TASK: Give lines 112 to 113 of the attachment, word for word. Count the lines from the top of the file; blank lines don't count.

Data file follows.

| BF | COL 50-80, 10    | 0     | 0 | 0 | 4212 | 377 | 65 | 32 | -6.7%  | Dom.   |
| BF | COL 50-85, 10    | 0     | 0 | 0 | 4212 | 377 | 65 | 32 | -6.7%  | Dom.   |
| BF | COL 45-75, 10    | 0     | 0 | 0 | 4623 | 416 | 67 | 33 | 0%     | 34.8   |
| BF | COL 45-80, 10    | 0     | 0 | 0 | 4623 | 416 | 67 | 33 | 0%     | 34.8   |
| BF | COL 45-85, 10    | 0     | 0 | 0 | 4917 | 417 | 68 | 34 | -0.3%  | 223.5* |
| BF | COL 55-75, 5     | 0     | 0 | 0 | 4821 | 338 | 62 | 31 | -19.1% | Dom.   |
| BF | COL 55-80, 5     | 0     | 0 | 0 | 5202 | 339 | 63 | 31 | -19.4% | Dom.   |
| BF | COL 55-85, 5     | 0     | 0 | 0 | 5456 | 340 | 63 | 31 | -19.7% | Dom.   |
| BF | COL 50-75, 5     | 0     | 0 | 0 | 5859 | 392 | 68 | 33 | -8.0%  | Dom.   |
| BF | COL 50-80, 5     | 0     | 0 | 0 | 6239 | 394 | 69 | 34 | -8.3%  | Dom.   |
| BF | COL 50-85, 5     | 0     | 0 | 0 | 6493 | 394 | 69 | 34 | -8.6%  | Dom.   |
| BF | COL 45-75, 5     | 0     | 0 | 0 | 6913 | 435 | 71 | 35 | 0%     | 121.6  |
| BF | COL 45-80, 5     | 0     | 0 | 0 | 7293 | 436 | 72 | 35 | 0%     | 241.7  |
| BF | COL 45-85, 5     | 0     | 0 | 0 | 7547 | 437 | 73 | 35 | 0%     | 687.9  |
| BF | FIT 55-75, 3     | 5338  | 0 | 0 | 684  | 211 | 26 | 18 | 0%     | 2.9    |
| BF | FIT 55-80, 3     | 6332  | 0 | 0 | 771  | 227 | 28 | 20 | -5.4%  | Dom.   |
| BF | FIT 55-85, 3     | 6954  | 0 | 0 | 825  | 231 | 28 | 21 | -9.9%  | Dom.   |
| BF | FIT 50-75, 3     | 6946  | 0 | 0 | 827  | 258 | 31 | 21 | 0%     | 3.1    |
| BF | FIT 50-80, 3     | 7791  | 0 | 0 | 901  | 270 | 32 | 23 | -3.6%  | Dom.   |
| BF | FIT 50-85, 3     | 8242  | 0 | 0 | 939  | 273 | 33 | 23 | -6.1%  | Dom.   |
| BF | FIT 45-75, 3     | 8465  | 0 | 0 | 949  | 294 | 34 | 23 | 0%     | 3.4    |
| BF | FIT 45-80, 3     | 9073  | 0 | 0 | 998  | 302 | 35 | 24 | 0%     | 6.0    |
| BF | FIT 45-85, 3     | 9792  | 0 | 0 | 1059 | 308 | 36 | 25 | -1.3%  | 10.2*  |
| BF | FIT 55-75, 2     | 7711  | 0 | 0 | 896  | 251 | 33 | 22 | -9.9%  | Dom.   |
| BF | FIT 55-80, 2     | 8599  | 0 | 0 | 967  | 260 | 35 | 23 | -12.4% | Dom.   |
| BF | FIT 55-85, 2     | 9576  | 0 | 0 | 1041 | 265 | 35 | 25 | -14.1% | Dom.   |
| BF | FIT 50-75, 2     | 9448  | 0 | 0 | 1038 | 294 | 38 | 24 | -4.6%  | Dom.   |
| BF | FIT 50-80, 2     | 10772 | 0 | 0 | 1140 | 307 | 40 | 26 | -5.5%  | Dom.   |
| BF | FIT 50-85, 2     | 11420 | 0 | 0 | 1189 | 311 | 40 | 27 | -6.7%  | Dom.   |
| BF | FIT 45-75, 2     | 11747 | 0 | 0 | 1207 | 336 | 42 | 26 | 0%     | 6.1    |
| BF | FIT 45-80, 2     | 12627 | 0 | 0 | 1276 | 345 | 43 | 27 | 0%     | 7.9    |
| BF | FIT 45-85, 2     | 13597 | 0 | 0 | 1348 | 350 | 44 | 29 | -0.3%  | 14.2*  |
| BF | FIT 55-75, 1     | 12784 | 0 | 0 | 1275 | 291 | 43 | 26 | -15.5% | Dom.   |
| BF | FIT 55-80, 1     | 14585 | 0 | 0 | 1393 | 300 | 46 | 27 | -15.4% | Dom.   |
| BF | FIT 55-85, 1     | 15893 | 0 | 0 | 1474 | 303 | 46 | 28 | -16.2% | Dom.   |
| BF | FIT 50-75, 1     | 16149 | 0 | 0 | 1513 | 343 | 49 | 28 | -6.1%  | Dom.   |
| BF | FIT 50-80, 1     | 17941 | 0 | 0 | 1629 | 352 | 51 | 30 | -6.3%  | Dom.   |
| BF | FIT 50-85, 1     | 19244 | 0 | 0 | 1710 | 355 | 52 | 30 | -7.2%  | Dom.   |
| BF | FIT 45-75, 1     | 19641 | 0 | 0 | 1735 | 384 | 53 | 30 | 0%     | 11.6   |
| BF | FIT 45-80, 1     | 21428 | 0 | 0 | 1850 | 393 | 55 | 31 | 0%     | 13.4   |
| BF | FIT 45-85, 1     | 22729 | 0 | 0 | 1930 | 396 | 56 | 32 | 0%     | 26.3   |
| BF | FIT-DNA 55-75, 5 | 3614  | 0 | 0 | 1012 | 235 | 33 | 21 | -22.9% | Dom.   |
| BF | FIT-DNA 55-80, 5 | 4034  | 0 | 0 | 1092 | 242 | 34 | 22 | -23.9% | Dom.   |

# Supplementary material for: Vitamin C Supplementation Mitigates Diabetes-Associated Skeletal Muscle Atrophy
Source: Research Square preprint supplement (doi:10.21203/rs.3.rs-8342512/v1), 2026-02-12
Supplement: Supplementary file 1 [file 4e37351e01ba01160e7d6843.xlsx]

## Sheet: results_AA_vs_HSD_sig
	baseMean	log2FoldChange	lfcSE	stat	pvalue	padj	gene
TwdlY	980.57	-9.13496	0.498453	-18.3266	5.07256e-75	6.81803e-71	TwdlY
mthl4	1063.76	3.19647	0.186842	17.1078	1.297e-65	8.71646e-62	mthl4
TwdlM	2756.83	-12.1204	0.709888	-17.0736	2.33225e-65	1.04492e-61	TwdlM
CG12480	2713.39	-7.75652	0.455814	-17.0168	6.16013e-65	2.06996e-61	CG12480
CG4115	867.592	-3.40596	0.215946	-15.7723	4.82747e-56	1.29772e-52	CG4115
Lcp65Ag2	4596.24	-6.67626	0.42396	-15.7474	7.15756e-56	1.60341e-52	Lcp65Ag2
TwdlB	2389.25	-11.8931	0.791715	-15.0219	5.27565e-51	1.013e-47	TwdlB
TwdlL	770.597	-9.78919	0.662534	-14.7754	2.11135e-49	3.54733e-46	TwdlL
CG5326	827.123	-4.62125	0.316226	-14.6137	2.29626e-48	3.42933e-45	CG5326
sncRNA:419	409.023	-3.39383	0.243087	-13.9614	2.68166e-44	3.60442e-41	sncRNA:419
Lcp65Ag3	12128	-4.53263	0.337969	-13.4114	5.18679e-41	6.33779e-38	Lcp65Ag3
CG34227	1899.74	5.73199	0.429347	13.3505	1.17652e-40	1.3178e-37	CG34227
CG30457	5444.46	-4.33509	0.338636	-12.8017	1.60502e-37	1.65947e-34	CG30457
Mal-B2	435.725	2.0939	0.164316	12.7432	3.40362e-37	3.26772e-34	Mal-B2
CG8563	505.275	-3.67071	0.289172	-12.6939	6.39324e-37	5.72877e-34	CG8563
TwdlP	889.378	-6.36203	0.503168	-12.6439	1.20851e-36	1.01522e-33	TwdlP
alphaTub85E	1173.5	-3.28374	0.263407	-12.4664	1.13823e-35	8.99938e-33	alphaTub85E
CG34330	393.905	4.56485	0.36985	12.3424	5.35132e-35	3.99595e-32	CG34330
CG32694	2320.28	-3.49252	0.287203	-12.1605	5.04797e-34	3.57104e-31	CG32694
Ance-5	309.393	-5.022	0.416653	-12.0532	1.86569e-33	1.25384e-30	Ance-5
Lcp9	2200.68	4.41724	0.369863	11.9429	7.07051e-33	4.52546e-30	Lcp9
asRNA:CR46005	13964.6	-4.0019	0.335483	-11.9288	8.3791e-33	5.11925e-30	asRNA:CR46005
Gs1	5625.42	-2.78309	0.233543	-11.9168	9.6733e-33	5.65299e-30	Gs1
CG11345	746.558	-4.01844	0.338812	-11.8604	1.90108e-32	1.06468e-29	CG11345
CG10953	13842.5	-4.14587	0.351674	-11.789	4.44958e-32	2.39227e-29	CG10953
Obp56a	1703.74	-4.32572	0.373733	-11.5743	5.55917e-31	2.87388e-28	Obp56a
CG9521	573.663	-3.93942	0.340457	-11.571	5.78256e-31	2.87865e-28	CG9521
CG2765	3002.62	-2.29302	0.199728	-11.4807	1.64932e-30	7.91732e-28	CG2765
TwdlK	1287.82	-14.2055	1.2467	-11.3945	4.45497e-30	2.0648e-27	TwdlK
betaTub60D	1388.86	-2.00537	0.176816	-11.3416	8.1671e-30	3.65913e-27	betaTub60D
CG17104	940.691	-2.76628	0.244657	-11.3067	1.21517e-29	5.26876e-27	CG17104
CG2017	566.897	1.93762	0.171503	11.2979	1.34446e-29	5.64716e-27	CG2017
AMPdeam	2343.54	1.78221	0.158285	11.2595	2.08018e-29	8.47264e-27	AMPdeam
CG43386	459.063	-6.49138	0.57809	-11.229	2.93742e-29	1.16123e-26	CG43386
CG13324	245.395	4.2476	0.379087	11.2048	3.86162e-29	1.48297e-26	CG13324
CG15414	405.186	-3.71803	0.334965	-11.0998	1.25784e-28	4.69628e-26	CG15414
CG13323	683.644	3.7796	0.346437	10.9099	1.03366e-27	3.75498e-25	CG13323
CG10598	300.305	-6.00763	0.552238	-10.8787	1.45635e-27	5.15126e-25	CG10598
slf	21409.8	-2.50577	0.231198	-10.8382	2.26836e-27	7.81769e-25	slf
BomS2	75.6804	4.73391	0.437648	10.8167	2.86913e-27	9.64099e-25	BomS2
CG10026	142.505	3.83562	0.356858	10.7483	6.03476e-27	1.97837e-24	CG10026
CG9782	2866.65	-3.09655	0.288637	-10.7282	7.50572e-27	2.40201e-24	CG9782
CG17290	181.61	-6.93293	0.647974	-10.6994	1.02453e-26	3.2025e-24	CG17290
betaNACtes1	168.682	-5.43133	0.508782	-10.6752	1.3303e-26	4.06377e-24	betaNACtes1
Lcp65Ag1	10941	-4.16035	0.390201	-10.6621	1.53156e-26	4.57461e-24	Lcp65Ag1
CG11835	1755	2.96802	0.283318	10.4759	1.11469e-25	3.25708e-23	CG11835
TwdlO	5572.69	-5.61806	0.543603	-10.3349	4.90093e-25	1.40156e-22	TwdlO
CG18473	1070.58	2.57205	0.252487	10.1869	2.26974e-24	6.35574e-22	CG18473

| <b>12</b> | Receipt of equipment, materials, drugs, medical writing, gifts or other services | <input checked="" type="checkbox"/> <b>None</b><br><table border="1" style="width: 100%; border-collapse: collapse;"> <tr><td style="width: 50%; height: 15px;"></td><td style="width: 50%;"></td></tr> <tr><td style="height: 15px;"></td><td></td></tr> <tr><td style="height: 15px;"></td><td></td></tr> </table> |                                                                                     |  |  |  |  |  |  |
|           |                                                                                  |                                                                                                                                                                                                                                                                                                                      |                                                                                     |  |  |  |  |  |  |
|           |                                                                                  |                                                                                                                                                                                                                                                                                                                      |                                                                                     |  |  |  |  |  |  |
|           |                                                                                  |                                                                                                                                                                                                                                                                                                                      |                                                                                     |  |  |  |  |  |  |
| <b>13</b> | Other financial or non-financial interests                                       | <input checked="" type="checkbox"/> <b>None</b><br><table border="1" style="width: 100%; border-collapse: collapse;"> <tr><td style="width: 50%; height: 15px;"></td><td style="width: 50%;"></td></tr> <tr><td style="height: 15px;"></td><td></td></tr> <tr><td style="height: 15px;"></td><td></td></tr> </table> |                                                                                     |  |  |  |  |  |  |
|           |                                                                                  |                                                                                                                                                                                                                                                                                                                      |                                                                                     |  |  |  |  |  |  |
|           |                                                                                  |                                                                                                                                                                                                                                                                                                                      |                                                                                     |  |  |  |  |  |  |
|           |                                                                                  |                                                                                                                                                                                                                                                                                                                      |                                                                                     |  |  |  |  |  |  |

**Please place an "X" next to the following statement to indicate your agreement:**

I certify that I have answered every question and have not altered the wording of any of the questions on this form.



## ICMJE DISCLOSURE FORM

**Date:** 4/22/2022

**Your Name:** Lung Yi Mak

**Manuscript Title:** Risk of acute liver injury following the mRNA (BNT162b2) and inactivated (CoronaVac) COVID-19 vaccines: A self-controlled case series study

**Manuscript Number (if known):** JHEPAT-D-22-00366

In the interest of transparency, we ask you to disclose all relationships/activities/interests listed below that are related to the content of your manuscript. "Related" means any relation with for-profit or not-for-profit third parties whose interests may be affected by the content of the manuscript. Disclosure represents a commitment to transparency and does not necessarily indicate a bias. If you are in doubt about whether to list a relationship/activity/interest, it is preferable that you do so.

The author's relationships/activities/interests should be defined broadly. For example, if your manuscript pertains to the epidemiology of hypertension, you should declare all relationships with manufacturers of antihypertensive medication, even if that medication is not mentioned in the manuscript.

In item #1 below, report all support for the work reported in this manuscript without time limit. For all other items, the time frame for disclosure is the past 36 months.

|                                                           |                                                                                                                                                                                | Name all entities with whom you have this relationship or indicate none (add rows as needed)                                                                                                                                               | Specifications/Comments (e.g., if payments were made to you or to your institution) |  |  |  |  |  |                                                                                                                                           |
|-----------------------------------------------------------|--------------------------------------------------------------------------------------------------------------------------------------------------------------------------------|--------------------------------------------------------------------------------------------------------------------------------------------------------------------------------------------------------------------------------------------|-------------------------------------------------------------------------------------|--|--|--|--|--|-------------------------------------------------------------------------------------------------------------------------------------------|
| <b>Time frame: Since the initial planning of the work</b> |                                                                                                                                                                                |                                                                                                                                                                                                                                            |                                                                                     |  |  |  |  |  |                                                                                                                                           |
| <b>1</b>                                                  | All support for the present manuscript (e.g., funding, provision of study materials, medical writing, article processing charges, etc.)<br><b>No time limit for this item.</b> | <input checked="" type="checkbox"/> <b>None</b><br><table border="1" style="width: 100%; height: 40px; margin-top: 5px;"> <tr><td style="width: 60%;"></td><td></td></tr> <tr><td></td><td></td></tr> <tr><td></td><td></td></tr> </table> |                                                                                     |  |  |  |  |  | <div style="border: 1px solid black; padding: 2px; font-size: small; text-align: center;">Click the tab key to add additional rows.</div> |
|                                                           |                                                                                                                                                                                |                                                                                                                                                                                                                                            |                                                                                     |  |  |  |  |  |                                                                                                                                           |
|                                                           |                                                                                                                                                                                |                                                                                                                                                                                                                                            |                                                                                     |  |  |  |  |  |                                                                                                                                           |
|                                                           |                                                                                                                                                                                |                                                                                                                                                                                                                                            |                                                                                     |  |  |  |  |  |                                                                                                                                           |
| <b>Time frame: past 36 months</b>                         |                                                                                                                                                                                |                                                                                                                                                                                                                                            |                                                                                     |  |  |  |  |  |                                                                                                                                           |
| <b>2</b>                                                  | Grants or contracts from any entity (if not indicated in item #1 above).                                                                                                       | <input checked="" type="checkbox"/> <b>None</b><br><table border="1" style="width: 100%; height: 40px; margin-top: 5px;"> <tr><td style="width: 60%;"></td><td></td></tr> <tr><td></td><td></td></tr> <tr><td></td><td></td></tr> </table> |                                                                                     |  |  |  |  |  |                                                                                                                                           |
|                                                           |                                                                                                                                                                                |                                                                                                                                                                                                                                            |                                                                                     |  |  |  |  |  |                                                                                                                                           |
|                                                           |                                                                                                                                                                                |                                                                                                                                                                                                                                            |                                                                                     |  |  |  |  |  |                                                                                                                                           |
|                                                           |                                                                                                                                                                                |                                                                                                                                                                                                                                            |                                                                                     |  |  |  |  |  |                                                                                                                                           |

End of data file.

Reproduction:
In the interest of transparency, we ask you to disclose all relationships/activities/interests listed below that are related to the content of your manuscript. "Related" means any relation with for-profit or not-for-profit third parties whose interests may be affected by the content of the manuscript. Disclosure represents a commitment to transparency and does not necessarily indicate a bias. If you are in doubt about whether to list a relationship/activity/interest, it is preferable that you do so.

The author's relationships/activities/interests should be defined broadly. For example, if your manuscript pertains to the epidemiology of hypertension, you should declare all relationships with manufacturers of antihypertensive medication, even if that medication is not mentioned in the manuscript.